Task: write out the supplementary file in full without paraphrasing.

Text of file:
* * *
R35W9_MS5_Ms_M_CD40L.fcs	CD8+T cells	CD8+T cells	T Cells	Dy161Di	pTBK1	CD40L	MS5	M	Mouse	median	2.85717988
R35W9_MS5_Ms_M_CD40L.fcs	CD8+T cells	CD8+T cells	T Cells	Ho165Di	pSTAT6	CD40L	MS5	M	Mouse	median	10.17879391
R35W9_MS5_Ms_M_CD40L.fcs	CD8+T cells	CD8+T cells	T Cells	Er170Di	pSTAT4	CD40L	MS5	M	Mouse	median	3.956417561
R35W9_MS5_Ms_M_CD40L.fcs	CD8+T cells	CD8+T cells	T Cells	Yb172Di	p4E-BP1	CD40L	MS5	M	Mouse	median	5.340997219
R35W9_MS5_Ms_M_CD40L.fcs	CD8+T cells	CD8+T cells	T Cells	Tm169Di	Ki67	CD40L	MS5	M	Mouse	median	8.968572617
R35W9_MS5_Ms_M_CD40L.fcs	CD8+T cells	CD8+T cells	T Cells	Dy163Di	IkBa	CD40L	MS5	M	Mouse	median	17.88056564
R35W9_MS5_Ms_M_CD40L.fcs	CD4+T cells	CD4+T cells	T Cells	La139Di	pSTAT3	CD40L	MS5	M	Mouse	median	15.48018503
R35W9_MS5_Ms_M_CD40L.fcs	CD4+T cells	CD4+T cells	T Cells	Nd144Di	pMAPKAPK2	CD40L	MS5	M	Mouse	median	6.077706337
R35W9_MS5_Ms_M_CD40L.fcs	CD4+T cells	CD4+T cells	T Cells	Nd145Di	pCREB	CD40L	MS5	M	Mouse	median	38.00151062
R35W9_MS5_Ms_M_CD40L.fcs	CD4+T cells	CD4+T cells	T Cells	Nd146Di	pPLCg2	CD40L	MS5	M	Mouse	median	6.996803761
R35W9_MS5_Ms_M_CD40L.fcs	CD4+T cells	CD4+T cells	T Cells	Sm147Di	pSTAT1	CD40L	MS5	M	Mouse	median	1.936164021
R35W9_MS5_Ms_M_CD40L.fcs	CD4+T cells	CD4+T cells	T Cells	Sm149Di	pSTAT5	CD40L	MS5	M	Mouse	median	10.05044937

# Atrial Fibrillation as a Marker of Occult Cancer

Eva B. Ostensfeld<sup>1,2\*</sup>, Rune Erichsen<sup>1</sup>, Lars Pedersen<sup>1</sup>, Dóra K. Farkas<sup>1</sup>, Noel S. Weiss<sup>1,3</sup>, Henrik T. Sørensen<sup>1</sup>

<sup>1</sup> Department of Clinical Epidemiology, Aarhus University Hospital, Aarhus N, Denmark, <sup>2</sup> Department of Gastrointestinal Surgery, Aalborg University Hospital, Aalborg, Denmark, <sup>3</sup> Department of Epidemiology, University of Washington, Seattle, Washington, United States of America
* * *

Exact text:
R35W9_MS5_Ms_M_CD40L.fcs	CD8+T cells	CD8+T cells	T Cells	Dy161Di	pTBK1	CD40L	MS5	M	Mouse	median	2.85717988
R35W9_MS5_Ms_M_CD40L.fcs	CD8+T cells	CD8+T cells	T Cells	Ho165Di	pSTAT6	CD40L	MS5	M	Mouse	median	10.17879391
R35W9_MS5_Ms_M_CD40L.fcs	CD8+T cells	CD8+T cells	T Cells	Er170Di	pSTAT4	CD40L	MS5	M	Mouse	median	3.956417561
R35W9_MS5_Ms_M_CD40L.fcs	CD8+T cells	CD8+T cells	T Cells	Yb172Di	p4E-BP1	CD40L	MS5	M	Mouse	median	5.340997219
R35W9_MS5_Ms_M_CD40L.fcs	CD8+T cells	CD8+T cells	T Cells	Tm169Di	Ki67	CD40L	MS5	M	Mouse	median	8.968572617
R35W9_MS5_Ms_M_CD40L.fcs	CD8+T cells	CD8+T cells	T Cells	Dy163Di	IkBa	CD40L	MS5	M	Mouse	median	17.88056564
R35W9_MS5_Ms_M_CD40L.fcs	CD4+T cells	CD4+T cells	T Cells	La139Di	pSTAT3	CD40L	MS5	M	Mouse	median	15.48018503
R35W9_MS5_Ms_M_CD40L.fcs	CD4+T cells	CD4+T cells	T Cells	Nd144Di	pMAPKAPK2	CD40L	MS5	M	Mouse	median	6.077706337
R35W9_MS5_Ms_M_CD40L.fcs	CD4+T cells	CD4+T cells	T Cells	Nd145Di	pCREB	CD40L	MS5	M	Mouse	median	38.00151062
R35W9_MS5_Ms_M_CD40L.fcs	CD4+T cells	CD4+T cells	T Cells	Nd146Di	pPLCg2	CD40L	MS5	M	Mouse	median	6.996803761
R35W9_MS5_Ms_M_CD40L.fcs	CD4+T cells	CD4+T cells	T Cells	Sm147Di	pSTAT1	CD40L	MS5	M	Mouse	median	1.936164021
R35W9_MS5_Ms_M_CD40L.fcs	CD4+T cells	CD4+T cells	T Cells	Sm149Di	pSTAT5	CD40L	MS5	M	Mouse	median	10.05044937

# Atrial Fibrillation as a Marker of Occult Cancer

Eva B. Ostensfeld<sup>1,2\*</sup>, Rune Erichsen<sup>1</sup>, Lars Pedersen<sup>1</sup>, Dóra K. Farkas<sup>1</sup>, Noel S. Weiss<sup>1,3</sup>, Henrik T. Sørensen<sup>1</sup>

<sup>1</sup> Department of Clinical Epidemiology, Aarhus University Hospital, Aarhus N, Denmark, <sup>2</sup> Department of Gastrointestinal Surgery, Aalborg University Hospital, Aalborg, Denmark, <sup>3</sup> Department of Epidemiology, University of Washington, Seattle, Washington, United States of America